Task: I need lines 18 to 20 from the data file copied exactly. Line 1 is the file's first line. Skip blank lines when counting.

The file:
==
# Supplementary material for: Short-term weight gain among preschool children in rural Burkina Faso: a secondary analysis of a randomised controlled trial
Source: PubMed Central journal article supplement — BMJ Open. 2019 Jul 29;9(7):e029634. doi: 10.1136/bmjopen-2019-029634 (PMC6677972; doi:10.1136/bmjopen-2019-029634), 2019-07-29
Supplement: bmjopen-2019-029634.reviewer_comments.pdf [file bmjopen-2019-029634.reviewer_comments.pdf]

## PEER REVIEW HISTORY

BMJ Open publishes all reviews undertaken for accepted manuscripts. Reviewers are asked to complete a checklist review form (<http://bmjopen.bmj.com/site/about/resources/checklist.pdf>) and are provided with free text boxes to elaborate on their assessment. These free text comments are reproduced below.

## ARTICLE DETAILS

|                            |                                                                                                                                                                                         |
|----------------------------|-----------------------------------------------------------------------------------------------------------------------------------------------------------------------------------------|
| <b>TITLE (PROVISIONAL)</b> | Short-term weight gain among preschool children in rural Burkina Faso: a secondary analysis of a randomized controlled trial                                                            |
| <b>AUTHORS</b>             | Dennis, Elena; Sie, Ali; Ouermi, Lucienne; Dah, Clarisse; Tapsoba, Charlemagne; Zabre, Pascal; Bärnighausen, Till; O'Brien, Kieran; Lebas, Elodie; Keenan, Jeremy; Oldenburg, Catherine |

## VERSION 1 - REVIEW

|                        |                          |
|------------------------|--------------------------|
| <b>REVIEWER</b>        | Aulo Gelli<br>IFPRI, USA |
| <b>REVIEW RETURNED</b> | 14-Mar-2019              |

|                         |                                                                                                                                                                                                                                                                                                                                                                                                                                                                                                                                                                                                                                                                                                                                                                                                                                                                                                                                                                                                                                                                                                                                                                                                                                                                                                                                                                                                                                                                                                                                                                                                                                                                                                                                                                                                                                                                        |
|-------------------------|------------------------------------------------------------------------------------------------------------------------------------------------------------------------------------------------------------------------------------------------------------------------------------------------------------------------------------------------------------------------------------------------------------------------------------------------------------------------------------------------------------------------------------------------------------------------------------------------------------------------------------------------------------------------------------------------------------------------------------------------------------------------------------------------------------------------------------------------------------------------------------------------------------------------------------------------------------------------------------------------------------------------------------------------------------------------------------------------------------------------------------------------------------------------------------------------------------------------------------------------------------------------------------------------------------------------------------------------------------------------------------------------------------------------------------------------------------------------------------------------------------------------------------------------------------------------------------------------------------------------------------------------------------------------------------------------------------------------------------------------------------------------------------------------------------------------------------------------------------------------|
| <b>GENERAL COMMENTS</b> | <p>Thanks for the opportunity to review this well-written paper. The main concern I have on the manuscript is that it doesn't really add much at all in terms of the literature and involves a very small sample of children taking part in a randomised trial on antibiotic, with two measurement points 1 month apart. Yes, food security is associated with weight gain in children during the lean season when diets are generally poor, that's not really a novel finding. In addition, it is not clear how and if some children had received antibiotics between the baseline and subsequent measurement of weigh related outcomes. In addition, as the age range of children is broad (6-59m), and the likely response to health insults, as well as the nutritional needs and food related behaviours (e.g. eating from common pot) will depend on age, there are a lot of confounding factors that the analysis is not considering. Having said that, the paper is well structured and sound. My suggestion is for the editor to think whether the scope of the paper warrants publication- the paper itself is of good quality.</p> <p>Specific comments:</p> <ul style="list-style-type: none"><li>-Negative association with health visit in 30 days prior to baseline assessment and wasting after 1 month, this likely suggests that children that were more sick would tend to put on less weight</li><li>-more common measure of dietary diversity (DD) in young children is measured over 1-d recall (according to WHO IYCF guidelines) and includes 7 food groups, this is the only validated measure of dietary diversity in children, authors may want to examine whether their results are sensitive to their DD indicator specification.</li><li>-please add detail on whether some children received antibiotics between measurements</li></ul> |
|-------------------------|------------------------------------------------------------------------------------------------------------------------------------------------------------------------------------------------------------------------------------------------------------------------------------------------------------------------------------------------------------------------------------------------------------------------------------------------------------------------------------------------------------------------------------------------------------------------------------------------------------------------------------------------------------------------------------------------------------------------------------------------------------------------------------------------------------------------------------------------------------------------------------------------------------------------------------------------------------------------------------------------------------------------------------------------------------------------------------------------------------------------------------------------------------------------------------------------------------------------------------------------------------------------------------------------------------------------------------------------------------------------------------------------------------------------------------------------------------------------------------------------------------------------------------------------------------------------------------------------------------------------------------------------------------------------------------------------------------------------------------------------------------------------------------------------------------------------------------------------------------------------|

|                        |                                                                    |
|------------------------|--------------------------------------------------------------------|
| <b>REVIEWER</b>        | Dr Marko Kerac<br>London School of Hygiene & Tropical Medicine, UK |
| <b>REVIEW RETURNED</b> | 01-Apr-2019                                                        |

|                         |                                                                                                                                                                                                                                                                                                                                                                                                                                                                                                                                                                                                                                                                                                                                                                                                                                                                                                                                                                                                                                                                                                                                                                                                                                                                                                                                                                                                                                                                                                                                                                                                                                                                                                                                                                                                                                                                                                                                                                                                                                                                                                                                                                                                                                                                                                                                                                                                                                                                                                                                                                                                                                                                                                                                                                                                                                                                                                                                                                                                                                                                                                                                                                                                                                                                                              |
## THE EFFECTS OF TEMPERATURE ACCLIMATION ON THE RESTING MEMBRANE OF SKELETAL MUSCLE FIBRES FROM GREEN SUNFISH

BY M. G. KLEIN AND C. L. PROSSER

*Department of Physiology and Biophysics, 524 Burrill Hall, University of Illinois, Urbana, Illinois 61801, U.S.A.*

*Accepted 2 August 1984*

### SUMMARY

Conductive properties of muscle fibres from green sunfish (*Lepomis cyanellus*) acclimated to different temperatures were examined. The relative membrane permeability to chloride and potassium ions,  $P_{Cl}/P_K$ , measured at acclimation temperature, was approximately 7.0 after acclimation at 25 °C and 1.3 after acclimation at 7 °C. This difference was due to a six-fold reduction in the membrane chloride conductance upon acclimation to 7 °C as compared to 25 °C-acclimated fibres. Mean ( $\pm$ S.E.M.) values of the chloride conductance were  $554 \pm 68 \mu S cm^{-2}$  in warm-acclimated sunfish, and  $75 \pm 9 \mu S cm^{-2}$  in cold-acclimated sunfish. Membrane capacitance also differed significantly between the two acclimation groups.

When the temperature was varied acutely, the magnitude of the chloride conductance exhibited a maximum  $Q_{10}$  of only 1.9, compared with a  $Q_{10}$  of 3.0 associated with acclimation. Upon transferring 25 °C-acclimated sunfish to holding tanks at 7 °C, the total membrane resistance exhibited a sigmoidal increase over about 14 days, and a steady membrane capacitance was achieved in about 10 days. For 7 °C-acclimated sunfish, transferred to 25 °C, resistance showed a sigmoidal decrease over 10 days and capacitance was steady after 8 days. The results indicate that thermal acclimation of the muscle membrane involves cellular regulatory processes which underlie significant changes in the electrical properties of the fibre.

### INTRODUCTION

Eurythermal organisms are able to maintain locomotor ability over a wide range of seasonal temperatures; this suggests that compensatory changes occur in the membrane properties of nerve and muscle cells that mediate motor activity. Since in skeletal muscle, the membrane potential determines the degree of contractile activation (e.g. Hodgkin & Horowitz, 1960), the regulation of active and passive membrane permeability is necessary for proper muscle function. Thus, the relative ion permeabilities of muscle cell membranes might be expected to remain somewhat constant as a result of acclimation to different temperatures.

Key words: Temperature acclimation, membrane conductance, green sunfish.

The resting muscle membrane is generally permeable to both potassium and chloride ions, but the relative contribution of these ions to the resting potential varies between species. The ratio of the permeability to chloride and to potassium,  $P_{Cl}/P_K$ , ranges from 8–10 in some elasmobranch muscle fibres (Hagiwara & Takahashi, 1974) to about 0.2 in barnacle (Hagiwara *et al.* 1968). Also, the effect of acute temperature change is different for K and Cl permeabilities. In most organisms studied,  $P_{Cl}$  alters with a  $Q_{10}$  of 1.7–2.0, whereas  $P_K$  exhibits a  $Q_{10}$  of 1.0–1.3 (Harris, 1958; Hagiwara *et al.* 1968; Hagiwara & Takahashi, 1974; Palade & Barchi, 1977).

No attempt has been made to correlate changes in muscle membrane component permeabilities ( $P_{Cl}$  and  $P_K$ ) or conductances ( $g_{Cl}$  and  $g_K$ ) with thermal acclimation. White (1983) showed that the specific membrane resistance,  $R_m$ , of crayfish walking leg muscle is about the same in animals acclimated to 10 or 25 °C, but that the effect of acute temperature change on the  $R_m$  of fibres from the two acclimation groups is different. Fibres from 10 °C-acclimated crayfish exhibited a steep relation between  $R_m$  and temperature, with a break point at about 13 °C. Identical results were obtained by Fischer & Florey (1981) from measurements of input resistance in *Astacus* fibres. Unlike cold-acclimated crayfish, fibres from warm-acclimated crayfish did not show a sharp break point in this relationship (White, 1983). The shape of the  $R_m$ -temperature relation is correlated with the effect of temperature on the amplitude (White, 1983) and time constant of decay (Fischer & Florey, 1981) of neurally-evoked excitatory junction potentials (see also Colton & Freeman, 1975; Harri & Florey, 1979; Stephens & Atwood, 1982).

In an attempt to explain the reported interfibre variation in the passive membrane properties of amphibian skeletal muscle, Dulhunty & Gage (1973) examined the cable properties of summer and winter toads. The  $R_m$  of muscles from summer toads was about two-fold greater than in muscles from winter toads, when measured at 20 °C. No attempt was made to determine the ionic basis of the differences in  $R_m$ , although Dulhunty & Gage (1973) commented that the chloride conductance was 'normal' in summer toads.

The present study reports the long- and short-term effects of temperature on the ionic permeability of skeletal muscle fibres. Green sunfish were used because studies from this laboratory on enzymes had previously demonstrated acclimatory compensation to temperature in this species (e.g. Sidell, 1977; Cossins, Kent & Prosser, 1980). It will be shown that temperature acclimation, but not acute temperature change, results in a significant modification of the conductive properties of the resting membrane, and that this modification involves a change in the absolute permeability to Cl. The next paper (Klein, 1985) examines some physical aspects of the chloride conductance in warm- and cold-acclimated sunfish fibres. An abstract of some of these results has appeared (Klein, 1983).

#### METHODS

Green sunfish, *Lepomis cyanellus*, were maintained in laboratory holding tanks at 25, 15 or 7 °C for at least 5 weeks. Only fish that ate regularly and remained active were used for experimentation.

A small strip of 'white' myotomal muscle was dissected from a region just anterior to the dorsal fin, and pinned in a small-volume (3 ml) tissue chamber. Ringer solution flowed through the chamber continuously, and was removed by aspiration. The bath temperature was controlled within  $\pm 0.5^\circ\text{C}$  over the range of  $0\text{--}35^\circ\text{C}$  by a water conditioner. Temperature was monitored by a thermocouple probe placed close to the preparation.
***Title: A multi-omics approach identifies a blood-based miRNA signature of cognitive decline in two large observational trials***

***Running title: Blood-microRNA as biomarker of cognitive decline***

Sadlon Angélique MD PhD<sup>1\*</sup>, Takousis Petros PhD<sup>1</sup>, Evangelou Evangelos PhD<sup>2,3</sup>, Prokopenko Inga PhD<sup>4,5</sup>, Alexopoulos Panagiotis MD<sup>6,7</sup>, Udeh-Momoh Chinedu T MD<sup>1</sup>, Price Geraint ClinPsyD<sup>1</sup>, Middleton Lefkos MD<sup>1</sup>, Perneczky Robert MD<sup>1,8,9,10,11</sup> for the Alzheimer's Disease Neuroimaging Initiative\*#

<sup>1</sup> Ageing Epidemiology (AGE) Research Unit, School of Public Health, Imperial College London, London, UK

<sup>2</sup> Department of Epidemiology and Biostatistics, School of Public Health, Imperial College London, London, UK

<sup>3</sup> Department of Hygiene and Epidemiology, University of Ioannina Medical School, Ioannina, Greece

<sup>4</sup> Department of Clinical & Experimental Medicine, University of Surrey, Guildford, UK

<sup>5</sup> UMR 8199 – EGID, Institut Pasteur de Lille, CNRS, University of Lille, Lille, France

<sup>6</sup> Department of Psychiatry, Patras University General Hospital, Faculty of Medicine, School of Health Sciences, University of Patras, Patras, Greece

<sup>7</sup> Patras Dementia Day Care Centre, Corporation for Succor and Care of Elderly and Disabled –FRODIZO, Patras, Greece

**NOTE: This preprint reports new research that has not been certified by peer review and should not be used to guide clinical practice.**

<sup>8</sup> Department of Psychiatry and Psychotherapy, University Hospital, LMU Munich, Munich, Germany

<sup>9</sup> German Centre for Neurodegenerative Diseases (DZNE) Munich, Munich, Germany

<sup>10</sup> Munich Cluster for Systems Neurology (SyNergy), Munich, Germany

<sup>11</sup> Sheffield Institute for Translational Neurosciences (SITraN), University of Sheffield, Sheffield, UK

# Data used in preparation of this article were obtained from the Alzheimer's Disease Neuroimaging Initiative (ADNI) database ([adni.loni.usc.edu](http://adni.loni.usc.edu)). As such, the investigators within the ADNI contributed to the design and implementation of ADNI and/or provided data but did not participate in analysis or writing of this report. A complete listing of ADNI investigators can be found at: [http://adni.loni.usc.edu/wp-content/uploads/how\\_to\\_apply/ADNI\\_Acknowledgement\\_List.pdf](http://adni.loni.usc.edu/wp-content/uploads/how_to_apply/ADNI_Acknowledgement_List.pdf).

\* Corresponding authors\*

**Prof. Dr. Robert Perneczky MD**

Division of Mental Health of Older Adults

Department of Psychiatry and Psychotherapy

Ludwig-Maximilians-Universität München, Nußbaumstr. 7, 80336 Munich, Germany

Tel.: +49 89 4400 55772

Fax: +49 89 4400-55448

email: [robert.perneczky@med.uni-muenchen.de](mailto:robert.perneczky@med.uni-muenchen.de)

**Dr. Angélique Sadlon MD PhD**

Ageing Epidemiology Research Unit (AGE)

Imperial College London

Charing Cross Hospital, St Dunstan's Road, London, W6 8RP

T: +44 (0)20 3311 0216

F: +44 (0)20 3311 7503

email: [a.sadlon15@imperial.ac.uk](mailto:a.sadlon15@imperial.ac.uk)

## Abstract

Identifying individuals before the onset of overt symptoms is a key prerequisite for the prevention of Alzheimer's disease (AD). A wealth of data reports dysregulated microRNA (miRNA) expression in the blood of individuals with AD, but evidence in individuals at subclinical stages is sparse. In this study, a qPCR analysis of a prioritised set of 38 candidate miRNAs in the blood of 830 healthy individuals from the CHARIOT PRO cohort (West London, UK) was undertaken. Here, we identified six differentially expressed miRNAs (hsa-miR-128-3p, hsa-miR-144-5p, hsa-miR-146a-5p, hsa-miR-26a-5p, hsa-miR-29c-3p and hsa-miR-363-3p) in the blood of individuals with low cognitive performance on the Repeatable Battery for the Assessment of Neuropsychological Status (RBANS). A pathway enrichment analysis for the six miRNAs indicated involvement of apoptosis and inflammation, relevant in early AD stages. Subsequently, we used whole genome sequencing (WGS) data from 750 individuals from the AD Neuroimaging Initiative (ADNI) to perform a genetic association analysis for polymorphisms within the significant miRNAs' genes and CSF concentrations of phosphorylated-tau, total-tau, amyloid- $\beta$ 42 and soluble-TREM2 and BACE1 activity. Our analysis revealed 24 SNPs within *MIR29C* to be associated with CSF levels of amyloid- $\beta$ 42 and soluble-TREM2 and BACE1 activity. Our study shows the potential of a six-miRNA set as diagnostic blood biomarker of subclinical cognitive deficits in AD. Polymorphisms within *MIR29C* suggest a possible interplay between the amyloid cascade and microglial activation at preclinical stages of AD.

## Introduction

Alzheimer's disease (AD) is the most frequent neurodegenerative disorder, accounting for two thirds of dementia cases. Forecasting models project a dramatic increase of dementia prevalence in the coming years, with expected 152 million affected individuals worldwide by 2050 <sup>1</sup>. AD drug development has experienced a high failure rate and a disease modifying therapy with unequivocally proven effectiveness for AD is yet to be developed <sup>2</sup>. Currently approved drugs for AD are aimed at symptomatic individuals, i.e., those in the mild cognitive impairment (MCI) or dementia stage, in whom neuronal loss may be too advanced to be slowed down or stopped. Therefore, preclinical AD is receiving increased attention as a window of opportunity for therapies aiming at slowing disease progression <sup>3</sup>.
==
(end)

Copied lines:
| <b>GENERAL COMMENTS</b> | <p>Thanks for the opportunity to review this well-written paper. The main concern I have on the manuscript is that it doesn't really add much at all in terms of the literature and involves a very small sample of children taking part in a randomised trial on antibiotic, with two measurement points 1 month apart. Yes, food security is associated with weight gain in children during the lean season when diets are generally poor, that's not really a novel finding. In addition, it is not clear how and if some children had received antibiotics between the baseline and subsequent measurement of weigh related outcomes. In addition, as the age range of children is broad (6-59m), and the likely response to health insults, as well as the nutritional needs and food related behaviours (e.g. eating from common pot) will depend on age, there are a lot of confounding factors that the analysis is not considering. Having said that, the paper is well structured and sound. My suggestion is for the editor to think whether the scope of the paper warrants publication- the paper itself is of good quality.</p> <p>Specific comments:</p> <ul style="list-style-type: none"><li>-Negative association with health visit in 30 days prior to baseline assessment and wasting after 1 month, this likely suggests that children that were more sick would tend to put on less weight</li><li>-more common measure of dietary diversity (DD) in young children is measured over 1-d recall (according to WHO IYCF guidelines) and includes 7 food groups, this is the only validated measure of dietary diversity in children, authors may want to examine whether their results are sensitive to their DD indicator specification.</li><li>-please add detail on whether some children received antibiotics between measurements</li></ul> |
|-------------------------|------------------------------------------------------------------------------------------------------------------------------------------------------------------------------------------------------------------------------------------------------------------------------------------------------------------------------------------------------------------------------------------------------------------------------------------------------------------------------------------------------------------------------------------------------------------------------------------------------------------------------------------------------------------------------------------------------------------------------------------------------------------------------------------------------------------------------------------------------------------------------------------------------------------------------------------------------------------------------------------------------------------------------------------------------------------------------------------------------------------------------------------------------------------------------------------------------------------------------------------------------------------------------------------------------------------------------------------------------------------------------------------------------------------------------------------------------------------------------------------------------------------------------------------------------------------------------------------------------------------------------------------------------------------------------------------------------------------------------------------------------------------------------------------------------------------------------------------------------------------------|

|                        |                                                                    |